This tale compassionately guides young readers to face their fears.

HELLO, DARK

A new perspective combats a common childhood fear: the dark.

A young unnamed child greets the dark in the bedroom, personified by a rotund shadow with three hairs at the top of its head and droopy eyes. The child lists the many ways the dark brings uncertainty. “You keep me wide awake and worrying; what will you do once I’m asleep? / I hear the creaks you make around the house. It makes me feel helpless and alone.” The spare text gently narrates as the kid declares, “I’m tired of being afraid of you. Tonight, can we talk?” Dark purple and blue hues saturate each detailed illustration as the child acknowledges the “good things” the dark also provides. A menagerie of animals playing in the twilight and dreamy scenes of the sky attest to how the dark facilitates life for nocturnal creatures and rest for others. The child then offers a hand to the shadow with an invitation: “Let’s be friends.” In subsequent pages, the child models ways readers can interact with the dark: “play imaginary games”; “count sheep”; “practice breathing”; and “listen to music.” Eventually, and with the help of a night light, the child concludes, “I’m sure we can be friends,” and watches Dark, no longer an object of fear, head back into the closet. The young child presents as East Asian.

This tale compassionately guides young readers to face their fears. (author's note) (Picture book. 3-5)

Pub Date: Oct. 26, 2021

ISBN: 978-1-77278-221-9

Page Count: 32

Publisher: Pajama Press

Review Posted Online: June 29, 2021

Kirkus Reviews Issue: July 15, 2021

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Skip this well-meaning but poorly executed celebration.

I LOVE DADDY EVERY DAY

Children point out the things they love about their fathers.

“Daddy is always kind. He gives us support and shelter when things go wrong.” A child with a skinned knee (and downed ice cream cone) gets a bandage and loving pat from Daddy (no shelter is visible, but the child’s concerned sibling sweetly extends their own cone). Daddy’s a storyteller, a magician, supportive, loyal, silly, patient, and he knows everything. A die-cut hole pierces most pages, positioned so that the increasingly smaller holes to come can be seen through it; what it represents in each scene varies, and it does so with also-variable success. The bland, nonrhyming, inconsistent text does little to attract or keep attention, though the die cuts might (until they fall victim to curious fingers). The text also confusingly mixes first-person singular and plural, sometimes on the same page: “Daddy is like a gardener. He lovingly cares for us and watches us grow. I’m his pride and joy!” Even as the text mixes number the illustrations mix metaphors. This particular gardener daddy is pictured shampooing a child during bathtime. Más’ cartoon illustrations are sweet if murkily interpretive, affection clearly conveyed. Troublingly, though, each father and his child(ren) seem to share the same racial presentation and hair color (sometimes even hairstyle!), shutting out many different family constellations. Más does, however, portray several disabilities: children and adults wearing glasses, a child with a cochlear implant, and another using a wheelchair.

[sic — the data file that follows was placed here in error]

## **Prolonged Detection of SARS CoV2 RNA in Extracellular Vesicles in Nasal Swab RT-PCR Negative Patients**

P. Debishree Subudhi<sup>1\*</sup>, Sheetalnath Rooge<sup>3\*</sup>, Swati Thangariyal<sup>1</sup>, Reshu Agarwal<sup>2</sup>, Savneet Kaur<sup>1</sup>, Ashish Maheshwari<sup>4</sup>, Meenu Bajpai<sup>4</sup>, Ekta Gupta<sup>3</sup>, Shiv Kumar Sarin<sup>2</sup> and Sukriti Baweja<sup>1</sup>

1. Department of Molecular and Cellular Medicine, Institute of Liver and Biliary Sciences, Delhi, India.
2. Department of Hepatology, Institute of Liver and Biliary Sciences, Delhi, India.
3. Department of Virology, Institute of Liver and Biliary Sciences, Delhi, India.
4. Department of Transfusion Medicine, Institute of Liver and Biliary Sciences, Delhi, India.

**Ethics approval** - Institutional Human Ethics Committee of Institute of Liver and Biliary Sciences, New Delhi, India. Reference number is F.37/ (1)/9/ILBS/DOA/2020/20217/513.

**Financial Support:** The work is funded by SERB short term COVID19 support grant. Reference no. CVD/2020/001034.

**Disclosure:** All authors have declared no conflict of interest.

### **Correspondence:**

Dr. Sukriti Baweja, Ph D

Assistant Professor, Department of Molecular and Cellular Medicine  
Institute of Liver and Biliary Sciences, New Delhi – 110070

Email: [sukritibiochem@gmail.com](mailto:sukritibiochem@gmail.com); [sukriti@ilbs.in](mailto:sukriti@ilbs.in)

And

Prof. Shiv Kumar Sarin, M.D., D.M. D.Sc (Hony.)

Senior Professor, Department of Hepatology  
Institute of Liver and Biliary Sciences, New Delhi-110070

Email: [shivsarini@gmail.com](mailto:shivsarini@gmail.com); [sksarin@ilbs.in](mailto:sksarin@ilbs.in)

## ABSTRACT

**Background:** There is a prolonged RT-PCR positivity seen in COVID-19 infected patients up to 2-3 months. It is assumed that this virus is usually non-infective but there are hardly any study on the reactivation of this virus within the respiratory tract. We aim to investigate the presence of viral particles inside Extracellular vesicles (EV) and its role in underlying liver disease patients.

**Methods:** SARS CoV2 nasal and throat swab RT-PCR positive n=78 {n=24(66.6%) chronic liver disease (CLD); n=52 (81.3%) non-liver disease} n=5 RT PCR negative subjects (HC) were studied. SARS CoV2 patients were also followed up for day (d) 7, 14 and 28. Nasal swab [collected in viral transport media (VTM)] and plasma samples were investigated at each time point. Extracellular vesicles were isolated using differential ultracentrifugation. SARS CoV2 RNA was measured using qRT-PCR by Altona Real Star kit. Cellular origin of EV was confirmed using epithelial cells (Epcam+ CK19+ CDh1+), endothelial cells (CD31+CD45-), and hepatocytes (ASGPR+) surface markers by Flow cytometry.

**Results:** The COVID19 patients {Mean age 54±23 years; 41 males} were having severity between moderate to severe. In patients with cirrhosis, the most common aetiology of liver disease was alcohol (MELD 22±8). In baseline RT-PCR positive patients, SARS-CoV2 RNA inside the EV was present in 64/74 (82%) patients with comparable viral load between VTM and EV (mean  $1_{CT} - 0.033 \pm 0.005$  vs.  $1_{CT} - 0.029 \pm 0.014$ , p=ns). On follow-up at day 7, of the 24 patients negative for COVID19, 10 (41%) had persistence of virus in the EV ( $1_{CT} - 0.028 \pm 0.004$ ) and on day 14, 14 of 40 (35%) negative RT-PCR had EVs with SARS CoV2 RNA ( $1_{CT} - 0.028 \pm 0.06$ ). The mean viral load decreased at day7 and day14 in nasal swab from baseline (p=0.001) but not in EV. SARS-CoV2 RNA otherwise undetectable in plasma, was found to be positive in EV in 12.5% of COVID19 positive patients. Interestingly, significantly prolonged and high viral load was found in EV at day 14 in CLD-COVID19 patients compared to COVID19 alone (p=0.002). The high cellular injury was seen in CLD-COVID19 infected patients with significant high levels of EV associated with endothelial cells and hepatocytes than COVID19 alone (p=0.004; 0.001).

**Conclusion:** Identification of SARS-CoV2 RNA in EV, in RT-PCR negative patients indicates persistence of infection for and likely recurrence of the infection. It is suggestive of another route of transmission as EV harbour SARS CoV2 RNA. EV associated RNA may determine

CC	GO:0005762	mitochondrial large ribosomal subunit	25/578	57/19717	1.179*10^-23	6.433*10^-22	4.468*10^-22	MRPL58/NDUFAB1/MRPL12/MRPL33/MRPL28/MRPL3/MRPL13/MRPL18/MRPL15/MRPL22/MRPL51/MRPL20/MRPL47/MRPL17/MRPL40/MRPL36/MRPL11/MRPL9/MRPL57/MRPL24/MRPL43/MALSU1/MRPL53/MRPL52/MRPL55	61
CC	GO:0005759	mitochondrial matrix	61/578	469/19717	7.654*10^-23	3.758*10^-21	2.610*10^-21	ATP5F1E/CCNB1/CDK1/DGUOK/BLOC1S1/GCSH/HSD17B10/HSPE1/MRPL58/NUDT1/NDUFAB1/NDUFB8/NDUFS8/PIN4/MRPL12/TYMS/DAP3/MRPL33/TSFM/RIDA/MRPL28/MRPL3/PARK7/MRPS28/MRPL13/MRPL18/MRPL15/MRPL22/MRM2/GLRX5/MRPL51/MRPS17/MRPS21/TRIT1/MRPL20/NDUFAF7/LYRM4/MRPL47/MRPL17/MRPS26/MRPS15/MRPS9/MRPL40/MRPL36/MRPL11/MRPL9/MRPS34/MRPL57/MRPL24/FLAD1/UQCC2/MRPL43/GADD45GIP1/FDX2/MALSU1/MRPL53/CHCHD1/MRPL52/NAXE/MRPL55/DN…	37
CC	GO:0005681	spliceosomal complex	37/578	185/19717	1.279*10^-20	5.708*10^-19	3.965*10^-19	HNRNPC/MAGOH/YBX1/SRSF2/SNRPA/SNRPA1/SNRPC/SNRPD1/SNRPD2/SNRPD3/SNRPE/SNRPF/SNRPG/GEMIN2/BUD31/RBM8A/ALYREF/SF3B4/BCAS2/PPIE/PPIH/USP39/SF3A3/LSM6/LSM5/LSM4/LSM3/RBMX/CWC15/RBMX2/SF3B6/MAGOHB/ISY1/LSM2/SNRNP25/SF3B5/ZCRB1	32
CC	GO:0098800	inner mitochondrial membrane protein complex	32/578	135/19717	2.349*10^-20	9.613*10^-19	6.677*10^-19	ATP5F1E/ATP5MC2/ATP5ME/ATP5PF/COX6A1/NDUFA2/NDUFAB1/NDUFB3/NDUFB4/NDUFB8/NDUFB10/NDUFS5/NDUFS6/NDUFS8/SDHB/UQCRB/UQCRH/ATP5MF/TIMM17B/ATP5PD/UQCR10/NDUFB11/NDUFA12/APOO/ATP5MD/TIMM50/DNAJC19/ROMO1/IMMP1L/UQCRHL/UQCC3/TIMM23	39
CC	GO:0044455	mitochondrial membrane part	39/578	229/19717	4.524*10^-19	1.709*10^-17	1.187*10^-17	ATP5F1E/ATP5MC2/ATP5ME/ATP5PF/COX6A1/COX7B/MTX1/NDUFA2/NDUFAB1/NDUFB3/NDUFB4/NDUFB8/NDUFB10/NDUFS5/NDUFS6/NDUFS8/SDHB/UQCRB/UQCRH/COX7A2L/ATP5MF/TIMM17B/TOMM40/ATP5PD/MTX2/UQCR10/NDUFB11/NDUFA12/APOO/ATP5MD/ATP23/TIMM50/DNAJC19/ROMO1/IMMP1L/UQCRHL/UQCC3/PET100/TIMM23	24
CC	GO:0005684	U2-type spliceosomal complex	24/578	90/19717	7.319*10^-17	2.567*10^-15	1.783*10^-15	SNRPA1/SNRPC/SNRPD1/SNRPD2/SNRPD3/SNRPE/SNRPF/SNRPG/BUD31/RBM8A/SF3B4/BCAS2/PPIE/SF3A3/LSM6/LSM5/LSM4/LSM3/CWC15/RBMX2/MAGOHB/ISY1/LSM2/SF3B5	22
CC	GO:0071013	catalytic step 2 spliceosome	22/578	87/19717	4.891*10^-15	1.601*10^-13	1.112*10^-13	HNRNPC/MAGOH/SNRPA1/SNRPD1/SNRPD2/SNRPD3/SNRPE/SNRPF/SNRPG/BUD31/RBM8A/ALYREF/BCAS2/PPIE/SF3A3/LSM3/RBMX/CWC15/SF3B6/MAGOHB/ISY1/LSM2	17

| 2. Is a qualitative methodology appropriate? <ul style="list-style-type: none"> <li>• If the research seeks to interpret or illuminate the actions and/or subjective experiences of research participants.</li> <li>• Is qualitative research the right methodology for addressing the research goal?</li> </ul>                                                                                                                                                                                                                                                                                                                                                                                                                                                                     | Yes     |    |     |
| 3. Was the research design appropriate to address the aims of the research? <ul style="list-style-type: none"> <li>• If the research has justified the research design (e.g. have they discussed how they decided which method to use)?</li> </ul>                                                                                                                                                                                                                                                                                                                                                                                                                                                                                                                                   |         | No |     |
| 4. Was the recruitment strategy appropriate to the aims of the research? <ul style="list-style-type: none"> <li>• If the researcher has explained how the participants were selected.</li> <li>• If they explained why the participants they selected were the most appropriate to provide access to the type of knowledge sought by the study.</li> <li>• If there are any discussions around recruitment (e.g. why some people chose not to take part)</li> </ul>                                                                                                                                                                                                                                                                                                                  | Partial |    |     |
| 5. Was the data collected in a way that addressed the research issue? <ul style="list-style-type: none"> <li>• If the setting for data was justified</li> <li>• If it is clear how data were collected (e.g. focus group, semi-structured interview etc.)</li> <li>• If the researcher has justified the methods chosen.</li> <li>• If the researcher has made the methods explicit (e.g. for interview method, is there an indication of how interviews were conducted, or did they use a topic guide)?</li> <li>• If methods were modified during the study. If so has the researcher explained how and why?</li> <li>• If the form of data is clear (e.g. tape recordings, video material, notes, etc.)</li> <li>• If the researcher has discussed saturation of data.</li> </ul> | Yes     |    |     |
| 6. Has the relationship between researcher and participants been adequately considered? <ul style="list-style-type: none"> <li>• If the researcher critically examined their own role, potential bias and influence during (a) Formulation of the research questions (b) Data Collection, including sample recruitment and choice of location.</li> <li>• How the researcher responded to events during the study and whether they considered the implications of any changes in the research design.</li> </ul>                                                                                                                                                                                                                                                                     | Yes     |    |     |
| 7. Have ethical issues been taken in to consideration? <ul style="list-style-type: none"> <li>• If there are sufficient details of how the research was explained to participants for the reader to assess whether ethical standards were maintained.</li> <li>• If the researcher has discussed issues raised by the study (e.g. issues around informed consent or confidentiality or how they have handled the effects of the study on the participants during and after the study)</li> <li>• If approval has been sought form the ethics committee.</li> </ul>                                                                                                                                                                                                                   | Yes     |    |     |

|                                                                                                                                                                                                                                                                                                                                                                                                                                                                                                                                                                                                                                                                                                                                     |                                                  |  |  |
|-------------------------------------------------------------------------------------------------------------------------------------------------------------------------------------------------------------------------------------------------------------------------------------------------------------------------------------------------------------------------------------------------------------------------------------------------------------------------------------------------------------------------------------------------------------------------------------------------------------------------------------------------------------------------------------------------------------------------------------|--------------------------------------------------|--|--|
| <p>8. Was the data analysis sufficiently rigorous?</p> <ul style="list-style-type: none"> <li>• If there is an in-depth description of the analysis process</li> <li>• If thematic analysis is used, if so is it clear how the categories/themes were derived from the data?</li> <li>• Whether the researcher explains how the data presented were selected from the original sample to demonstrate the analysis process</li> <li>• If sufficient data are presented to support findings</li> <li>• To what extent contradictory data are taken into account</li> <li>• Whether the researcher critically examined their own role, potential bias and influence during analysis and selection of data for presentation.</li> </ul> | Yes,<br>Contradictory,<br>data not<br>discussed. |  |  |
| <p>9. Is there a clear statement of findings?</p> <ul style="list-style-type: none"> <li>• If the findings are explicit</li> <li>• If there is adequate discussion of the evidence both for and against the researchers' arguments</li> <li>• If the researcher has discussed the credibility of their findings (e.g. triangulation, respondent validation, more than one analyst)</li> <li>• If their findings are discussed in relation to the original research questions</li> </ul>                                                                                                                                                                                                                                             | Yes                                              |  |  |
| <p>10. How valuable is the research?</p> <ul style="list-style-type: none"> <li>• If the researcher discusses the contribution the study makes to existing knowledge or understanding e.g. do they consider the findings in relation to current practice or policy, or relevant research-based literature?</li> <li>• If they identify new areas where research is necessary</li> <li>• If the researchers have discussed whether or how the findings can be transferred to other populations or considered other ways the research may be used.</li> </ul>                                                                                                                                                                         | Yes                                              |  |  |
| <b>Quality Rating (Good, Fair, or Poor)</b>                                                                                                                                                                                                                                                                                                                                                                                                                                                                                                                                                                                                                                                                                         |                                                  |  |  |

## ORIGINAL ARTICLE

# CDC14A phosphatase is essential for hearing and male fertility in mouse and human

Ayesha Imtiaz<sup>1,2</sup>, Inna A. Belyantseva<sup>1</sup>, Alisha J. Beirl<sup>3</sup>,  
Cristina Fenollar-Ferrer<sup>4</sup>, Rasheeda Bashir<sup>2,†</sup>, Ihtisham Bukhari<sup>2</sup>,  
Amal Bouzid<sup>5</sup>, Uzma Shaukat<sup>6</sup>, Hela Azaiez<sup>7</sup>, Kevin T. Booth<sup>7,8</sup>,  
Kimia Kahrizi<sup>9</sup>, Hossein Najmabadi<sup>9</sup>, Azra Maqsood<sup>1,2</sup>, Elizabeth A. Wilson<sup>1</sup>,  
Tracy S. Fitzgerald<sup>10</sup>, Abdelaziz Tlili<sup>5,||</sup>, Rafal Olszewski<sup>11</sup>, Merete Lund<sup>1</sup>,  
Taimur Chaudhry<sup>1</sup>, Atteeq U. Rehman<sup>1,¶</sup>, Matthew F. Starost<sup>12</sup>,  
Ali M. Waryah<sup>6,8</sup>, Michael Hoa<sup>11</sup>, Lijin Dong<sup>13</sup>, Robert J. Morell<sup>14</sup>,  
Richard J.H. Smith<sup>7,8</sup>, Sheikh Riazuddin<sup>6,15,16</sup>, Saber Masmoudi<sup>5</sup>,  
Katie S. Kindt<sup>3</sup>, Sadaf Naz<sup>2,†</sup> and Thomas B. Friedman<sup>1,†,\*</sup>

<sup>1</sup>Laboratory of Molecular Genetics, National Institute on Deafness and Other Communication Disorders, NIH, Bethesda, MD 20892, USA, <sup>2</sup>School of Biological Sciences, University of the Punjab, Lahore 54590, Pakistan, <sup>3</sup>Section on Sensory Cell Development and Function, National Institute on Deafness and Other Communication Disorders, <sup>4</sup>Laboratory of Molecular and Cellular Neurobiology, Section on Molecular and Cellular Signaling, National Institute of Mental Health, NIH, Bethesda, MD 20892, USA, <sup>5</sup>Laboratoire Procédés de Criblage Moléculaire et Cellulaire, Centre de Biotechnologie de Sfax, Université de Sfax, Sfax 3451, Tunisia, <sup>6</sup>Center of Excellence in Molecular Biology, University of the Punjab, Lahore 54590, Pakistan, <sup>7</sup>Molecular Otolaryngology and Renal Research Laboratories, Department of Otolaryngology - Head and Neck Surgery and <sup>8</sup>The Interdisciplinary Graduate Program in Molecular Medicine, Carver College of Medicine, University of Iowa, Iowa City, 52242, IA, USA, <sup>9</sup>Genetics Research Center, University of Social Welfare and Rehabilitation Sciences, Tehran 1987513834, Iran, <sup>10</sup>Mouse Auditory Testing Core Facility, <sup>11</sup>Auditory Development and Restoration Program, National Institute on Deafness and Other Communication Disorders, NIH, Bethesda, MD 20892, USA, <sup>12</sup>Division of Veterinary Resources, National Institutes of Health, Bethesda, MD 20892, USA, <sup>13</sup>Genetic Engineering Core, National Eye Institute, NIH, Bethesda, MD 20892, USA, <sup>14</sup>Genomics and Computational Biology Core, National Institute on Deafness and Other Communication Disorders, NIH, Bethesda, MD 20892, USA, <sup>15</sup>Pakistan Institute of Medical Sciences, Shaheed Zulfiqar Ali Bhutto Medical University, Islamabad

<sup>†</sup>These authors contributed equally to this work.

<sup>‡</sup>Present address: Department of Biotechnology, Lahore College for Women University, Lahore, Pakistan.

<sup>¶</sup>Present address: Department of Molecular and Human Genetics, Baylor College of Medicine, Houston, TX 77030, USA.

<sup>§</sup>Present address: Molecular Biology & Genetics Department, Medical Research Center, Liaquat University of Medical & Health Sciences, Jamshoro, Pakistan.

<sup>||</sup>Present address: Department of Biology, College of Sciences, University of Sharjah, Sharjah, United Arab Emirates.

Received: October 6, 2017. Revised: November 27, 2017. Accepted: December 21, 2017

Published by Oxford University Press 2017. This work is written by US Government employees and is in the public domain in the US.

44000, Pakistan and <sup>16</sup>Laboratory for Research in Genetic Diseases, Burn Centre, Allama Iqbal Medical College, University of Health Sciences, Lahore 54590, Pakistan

Skip this well-meaning but poorly executed celebration. (Picture book. 3-5)

Pub Date: March 24, 2020

ISBN: 978-0-593-12305-8

Page Count: 32

Publisher: Rodale Kids

Review Posted Online: March 18, 2020

Kirkus Reviews Issue: April 1, 2020

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Though Penguin doesn’t discover any of his own true talents, young listeners will probably empathize with wanting something...

FLIGHT SCHOOL

From the Flight School series

A small round penguin with lofty aspirations finds success of a sort in a sweet, if slight, appreciation of the resourcefulness of teachers.

The sign near a cluster of wooden pilings in the middle of the water reads “FLIGHT SCHOOL / WE TEACH BIRDS TO FLY.” “I was hatched to fly,” announces Penguin upon his arrival from the South Pole. “I have the soul of an eagle,” he assures the gently dubious Teacher. “Penguin and the other birdies practiced for weeks,” but he succeeds only in plunging into the ocean—not terribly gracefully. He is ready to give up when a solution devised by Teacher and Flamingo has Penguin flying, if only for a few moments, and his happiness at this one-time achievement is lasting. Judge’s edge-to-edge watercolor-and-pencil art is lively and amusing. Her various sea and shore birds—gulls, a pelican, a heron and a small owl among them—and their fledglings are just a little scruffy, and they are exaggeratedly, expressively funny in their anthropomorphic roles as teachers and students. Background shades of warm yellow, sea blue and green, and brown sand let the friendly, silly faces and bodies of the birds take center stage.

Though Penguin doesn’t discover any of his own true talents, young listeners will probably empathize with wanting something so far out of reach. (Picture book. 3-5)

Pub Date: April 15, 2014

ISBN: 978-14424-8177-0

Page Count: 40

Publisher: Atheneum

Review Posted Online: Feb. 5, 2014

Kirkus Reviews Issue: Feb. 15, 2014

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